So I was a bit skeptical when the Lush Coco Lotion came across my desk. Sure, the packaging — a little ice cream pint container with a twist off lid — is adorable. And the press kit tells me the hand and body lotion contains extra virgin coconut oil harvested from Nias, a small Indonesian island that was devastated by the 2005 tsunami. (Lush’s support of the island’s new sustainable coconut farm is helping to build preschools there.) OK, so I’m definitely intrigued. But it’s a lotion. I’ve tried a million body lotions here at Audrey. And unfortunately for my dry skin, nothing really works unless it’s oily, greasy and sticky.
What really threw me off was the ingredient list. It reads, and I quote: “Ingredients: Spring Water, Extra Virgin Coconut Oil, Mandarin and Rosemary Infusion, Pimento Berry, Nutmeg and Star Anise decoction …”
What the? Where’s my cetyl alcohol? Cyclomethicone? Isopropyl Isostearate? I was confused.
But like a good editor, I tried it. I slathered it on after a shower one night. Not much fragrance. Went on smoothly. Not sticky. Not greasy. Good luck, I thought wryly.
I woke up this morning, bright and early at 7 on the dot. (Thanks, jet lag.) My face was inexplicably dry (another little betrayal, in addition to wrinkles and adult acne, of age … more on that later). But my arms … and my legs … were inexplicably soft. Seriously. Soft. Not sticky. Not greasy.
After that discovery — and the fact that I swear my eyelashes grew lusher after drinking Indian whole milk for two weeks — I’m seriously giving organic-all-natural a second look. Maybe Mother Nature knows a thing or two after all.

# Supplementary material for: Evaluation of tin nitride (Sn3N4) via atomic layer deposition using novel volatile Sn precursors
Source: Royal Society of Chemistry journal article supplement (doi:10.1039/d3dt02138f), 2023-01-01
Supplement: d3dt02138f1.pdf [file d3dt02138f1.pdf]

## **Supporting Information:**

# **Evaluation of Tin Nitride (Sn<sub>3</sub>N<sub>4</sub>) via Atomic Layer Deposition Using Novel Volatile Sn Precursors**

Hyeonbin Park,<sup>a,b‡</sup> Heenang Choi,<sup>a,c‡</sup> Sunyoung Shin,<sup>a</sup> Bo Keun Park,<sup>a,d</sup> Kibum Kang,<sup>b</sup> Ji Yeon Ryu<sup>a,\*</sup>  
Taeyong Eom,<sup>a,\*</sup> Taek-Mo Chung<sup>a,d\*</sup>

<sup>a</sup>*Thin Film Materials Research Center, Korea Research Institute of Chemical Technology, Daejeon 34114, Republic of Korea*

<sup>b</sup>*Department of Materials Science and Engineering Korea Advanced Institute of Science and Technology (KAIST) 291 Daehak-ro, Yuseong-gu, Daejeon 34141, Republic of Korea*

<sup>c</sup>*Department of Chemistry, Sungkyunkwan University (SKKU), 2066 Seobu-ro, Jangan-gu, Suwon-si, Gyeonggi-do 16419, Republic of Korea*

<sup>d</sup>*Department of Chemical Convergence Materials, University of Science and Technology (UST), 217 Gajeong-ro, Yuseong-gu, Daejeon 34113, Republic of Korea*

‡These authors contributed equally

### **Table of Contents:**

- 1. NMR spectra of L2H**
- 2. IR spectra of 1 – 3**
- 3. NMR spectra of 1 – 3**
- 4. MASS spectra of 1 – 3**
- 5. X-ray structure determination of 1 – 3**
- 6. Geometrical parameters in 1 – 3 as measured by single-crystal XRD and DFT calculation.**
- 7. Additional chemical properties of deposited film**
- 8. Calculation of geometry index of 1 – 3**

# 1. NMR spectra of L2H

Lush Coco Lotion, $19.95, www.Lushusa.com.
Happy Halloween! No tricks, but a major treat — some eye candy, in fact.
We’ve been following actress Maggie Q’s career ever since she graced our cover for our June/July 2006 issue. Though she landed on the American media radar with her starring role opposite Tom Cruise in Mission: Impossible III in 2006, and Live Free or Die Hard opposite Bruce Willis, she’s been a mega star in Asia for years.
Most recently, she’s been spotted on the red carpet for the premiere of New York, I Love You, a romantic drama starring Natalie Portman, Orlando Bloom and Blake Lively. As usual, she looked stunning in a Grecian-inspired draped jersey gown with de rigeur cutouts by BODYAMR, Le Vian onyx and diamond earrings, and a Le Vian onyx and diamond ring.
Maggie’s keeping busy shooting Chinese films, like the action flick The Warrior and the Wolf, out in China now. Look out for her in her next project, Priest, starring Paul Bettany, due out in 2010.